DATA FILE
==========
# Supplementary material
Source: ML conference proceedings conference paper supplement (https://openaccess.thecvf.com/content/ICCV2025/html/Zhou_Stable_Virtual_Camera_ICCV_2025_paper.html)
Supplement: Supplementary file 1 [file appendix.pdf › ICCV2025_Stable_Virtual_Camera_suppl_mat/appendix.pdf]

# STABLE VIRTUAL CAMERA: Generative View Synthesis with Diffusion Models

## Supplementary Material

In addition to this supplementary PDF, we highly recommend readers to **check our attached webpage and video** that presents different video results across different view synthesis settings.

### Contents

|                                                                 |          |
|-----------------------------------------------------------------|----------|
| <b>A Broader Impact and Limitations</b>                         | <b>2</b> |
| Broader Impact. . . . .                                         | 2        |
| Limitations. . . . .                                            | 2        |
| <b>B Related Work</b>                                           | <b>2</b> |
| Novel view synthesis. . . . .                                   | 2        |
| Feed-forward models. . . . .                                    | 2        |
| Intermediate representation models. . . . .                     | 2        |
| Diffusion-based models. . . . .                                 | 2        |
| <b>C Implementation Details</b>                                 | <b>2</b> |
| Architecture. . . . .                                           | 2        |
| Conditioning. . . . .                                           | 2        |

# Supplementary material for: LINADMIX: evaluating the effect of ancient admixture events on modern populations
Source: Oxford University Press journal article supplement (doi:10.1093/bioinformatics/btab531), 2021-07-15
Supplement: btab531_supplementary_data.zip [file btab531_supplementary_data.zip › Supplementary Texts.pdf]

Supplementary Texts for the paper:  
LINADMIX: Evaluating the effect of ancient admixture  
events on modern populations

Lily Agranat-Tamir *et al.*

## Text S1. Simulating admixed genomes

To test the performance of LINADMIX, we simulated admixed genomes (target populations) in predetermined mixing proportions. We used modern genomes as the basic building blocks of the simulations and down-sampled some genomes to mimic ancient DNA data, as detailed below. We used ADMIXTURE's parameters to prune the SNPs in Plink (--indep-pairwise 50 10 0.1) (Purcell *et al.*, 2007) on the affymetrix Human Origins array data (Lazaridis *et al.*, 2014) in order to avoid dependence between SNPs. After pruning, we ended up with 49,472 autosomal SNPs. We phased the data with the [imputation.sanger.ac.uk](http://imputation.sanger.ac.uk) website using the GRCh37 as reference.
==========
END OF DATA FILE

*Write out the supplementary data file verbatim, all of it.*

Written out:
# Supplementary material
Source: ML conference proceedings conference paper supplement (https://openaccess.thecvf.com/content/ICCV2025/html/Zhou_Stable_Virtual_Camera_ICCV_2025_paper.html)
Supplement: Supplementary file 1 [file appendix.pdf › ICCV2025_Stable_Virtual_Camera_suppl_mat/appendix.pdf]

# STABLE VIRTUAL CAMERA: Generative View Synthesis with Diffusion Models

## Supplementary Material

In addition to this supplementary PDF, we highly recommend readers to **check our attached webpage and video** that presents different video results across different view synthesis settings.

### Contents

|                                                                 |          |
|-----------------------------------------------------------------|----------|
| <b>A Broader Impact and Limitations</b>                         | <b>2</b> |
| Broader Impact. . . . .                                         | 2        |
| Limitations. . . . .                                            | 2        |
| <b>B Related Work</b>                                           | <b>2</b> |
| Novel view synthesis. . . . .                                   | 2        |
| Feed-forward models. . . . .                                    | 2        |
| Intermediate representation models. . . . .                     | 2        |
| Diffusion-based models. . . . .                                 | 2        |
| <b>C Implementation Details</b>                                 | <b>2</b> |
| Architecture. . . . .                                           | 2        |
| Conditioning. . . . .                                           | 2        |

# Supplementary material for: LINADMIX: evaluating the effect of ancient admixture events on modern populations
Source: Oxford University Press journal article supplement (doi:10.1093/bioinformatics/btab531), 2021-07-15
Supplement: btab531_supplementary_data.zip [file btab531_supplementary_data.zip › Supplementary Texts.pdf]

Supplementary Texts for the paper:  
LINADMIX: Evaluating the effect of ancient admixture  
events on modern populations

Lily Agranat-Tamir *et al.*

## Text S1. Simulating admixed genomes

To test the performance of LINADMIX, we simulated admixed genomes (target populations) in predetermined mixing proportions. We used modern genomes as the basic building blocks of the simulations and down-sampled some genomes to mimic ancient DNA data, as detailed below. We used ADMIXTURE's parameters to prune the SNPs in Plink (--indep-pairwise 50 10 0.1) (Purcell *et al.*, 2007) on the affymetrix Human Origins array data (Lazaridis *et al.*, 2014) in order to avoid dependence between SNPs. After pruning, we ended up with 49,472 autosomal SNPs. We phased the data with the [imputation.sanger.ac.uk](http://imputation.sanger.ac.uk) website using the GRCh37 as reference.